Sexual Harassment: Learning Through my Experiences

Most young women are warned about sexual harassment and assault, being told to carry some type of protection. When I moved into an apartment by myself, the only housewarming gift I received was defense spray. Yet, protection like this is not paramount; there is more to harassment than physical interaction. Sexual harassment has many forms that women often aren’t warned about, and it can be difficult to identify because they may not recognize it themselves. I didn’t.

I am fine with men complimenting me, or even asking what my boundaries are. I appreciate this type of communication. But when a person becomes persistent with their own intentions, it crosses the line into harassment. Over the past few years, I have learned that it is hard to notice when this kind of harassment starts.

A few years ago, I worked a retail night shift with a team of men. Every night I was subject to different comments about my body and what my male coworkers would like to do with it. I did not openly discuss my distaste for their behavior, which allowed the opportunity for them to expand the boundaries of what they considered acceptable. Needless to say, I was uncomfortable, but the experiences went unreported because I didn’t want to get my ‘teammates’ in trouble. I also did not want to experience the negative effects of victim blaming. I still look back and regret that I didn’t tell my superiors what I was dealing with.

I thought all these experiences were left in the past, but they resurfaced with a student here at MSU. However, this time, I was blindsided by what was going on. By the time I realized it was harassment, it was too late. I made it clear at the start of our interactions that I was not okay with the behavior, but it persisted over the course of an entire semester. The behavior only escalated; as did the comments about my physical appearance.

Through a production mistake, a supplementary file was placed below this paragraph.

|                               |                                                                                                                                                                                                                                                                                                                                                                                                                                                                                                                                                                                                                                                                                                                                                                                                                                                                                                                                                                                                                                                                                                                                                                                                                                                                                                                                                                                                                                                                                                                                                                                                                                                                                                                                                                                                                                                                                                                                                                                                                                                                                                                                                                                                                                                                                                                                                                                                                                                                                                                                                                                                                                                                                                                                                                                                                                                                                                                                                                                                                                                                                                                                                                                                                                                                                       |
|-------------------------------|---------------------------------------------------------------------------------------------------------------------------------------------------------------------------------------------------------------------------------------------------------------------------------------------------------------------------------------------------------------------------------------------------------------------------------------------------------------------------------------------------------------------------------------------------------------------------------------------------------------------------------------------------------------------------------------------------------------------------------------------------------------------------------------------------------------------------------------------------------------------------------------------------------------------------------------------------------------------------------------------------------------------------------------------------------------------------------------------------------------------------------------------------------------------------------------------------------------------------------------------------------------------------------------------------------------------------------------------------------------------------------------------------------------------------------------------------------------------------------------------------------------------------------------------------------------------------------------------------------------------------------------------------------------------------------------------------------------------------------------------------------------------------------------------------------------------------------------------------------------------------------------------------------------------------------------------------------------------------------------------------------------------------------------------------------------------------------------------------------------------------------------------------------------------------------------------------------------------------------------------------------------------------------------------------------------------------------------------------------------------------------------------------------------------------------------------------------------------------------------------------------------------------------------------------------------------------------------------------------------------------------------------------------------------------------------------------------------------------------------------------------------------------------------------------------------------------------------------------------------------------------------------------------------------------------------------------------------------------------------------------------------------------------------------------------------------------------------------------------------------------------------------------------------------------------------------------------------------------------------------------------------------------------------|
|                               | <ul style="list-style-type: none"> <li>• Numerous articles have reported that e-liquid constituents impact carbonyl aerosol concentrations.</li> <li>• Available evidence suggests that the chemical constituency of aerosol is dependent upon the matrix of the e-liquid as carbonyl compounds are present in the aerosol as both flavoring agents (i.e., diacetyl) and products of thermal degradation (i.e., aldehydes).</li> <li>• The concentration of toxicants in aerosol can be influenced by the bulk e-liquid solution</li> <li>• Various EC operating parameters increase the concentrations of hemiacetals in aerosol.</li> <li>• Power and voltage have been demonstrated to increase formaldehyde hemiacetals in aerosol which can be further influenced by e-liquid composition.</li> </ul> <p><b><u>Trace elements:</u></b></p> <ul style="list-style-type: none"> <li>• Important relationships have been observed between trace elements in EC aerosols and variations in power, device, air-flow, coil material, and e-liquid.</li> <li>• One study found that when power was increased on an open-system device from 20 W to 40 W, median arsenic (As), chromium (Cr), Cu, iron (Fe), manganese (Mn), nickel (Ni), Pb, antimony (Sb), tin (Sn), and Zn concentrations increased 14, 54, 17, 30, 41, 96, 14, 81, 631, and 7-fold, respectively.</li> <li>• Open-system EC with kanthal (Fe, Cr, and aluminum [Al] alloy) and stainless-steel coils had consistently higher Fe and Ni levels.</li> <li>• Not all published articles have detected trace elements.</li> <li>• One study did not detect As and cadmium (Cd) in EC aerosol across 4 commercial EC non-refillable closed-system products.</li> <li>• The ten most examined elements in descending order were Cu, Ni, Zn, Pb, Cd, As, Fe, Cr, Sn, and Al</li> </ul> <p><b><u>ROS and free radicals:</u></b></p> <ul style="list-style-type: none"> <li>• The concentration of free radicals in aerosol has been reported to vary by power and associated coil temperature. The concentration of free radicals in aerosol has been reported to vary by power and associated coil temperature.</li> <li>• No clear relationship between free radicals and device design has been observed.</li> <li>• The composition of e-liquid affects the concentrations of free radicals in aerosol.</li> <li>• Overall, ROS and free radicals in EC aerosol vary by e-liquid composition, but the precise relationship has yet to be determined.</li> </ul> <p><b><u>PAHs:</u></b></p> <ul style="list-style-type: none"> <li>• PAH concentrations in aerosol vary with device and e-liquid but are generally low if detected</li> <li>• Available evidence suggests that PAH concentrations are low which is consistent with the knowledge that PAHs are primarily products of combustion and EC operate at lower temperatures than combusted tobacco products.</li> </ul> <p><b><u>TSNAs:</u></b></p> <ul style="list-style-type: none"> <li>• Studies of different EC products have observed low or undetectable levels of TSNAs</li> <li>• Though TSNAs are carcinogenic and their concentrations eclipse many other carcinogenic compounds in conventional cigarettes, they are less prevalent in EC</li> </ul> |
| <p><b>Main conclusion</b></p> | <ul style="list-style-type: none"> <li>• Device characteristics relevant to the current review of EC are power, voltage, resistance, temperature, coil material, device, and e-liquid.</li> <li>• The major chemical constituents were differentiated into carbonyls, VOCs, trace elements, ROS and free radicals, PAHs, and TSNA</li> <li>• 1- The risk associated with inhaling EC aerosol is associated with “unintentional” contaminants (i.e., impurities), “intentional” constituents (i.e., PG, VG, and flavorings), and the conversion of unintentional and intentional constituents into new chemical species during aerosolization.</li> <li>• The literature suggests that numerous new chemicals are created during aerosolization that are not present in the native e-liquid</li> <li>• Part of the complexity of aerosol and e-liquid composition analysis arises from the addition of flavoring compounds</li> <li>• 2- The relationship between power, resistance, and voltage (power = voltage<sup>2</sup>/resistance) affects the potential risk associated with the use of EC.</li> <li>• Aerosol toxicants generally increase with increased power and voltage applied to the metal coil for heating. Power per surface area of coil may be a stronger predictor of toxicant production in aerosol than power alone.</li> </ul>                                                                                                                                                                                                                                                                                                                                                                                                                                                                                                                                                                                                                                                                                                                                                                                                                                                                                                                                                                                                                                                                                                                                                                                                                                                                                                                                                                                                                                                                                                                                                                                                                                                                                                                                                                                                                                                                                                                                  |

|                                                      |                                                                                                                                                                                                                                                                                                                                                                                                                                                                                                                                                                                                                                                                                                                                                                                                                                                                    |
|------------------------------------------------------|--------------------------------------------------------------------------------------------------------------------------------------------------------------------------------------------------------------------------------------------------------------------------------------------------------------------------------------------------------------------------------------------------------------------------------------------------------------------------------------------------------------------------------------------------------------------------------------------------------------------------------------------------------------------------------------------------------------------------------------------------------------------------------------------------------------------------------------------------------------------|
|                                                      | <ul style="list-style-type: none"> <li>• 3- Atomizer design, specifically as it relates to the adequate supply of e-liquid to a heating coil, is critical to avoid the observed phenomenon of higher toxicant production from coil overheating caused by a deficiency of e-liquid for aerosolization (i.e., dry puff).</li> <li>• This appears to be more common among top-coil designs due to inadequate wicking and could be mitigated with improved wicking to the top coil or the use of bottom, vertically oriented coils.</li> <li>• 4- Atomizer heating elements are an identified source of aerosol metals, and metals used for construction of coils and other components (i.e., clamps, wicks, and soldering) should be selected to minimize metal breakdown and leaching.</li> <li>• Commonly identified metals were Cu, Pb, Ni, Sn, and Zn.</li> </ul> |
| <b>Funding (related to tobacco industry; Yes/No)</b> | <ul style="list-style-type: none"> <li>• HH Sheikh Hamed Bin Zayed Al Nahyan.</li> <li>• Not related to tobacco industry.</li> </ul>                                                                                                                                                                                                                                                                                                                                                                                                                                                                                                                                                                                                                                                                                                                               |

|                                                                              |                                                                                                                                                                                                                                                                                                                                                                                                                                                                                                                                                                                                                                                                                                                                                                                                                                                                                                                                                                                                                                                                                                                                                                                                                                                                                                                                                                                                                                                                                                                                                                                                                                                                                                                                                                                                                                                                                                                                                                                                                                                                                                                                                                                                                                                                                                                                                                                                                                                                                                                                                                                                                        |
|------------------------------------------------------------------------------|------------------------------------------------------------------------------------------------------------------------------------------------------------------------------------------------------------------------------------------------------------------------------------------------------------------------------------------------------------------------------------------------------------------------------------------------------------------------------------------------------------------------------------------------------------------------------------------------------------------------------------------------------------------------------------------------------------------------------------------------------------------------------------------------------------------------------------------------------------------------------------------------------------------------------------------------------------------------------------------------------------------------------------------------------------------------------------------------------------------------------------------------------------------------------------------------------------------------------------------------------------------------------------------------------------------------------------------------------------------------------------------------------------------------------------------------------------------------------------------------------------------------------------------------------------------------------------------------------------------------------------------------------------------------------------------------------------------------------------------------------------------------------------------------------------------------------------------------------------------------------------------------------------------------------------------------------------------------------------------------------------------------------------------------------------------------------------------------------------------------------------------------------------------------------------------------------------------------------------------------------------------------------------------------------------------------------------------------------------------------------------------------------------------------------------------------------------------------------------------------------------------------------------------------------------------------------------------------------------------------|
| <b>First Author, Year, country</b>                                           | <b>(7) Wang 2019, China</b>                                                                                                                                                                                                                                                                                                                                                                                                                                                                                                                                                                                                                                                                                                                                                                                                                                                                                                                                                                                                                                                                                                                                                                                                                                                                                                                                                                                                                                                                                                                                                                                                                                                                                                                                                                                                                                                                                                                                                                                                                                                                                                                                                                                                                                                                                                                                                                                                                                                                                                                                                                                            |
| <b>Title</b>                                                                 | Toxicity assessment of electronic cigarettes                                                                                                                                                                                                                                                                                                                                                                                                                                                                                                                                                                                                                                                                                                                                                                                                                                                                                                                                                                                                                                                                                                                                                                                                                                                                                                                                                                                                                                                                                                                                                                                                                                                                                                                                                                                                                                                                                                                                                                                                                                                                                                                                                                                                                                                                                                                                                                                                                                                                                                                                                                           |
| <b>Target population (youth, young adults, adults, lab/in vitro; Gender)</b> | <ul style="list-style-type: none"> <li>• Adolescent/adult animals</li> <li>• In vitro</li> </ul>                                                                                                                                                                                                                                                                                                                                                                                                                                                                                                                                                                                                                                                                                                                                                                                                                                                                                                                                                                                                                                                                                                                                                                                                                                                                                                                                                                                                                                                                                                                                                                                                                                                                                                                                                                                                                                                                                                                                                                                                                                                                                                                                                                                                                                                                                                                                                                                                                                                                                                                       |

When I look back, I am stunned by what I put up with. But in that moment, I was being manipulated. I felt like I was going crazy because the man involved kept downplaying the scenario. Multiple times he dismissed my concerns and invalidated my feelings simply by brushing my comments aside. However, I had gained some insight through my previous experiences and, this time, I overcame my fears and reported the behavior. It is hard to summarize my thoughts and feelings into a few short sentences, but I can say one thing: I am thankful for what I have learned.

There are a few things I wish I knew before any of this occurred. First, when the person harassing me said, “you’re not doing anything wrong,” that was their tactic to push my limits and get me to do what they wanted, physically or emotionally. Second, when I was told they cared about me, that was a very unfortunate lie. Someone who actually cared about me would never manipulate or use me. Third, reporting the person harassing me was the right thing to do, as scary as it seemed.

So, why doesn’t anybody warn us about verbal sexual harassment? Why is our fear strictly over physical harassment? The offenders in these situations try to normalize this behavior. This makes it harder to identify inappropriate behavior, especially when the person doing it keeps acting like it is normal.

If you are experiencing any forms of harassment, contact MSU’s Title IX Office at oie@montana.edu or call (406) 994-2042.

-Valerie Seelye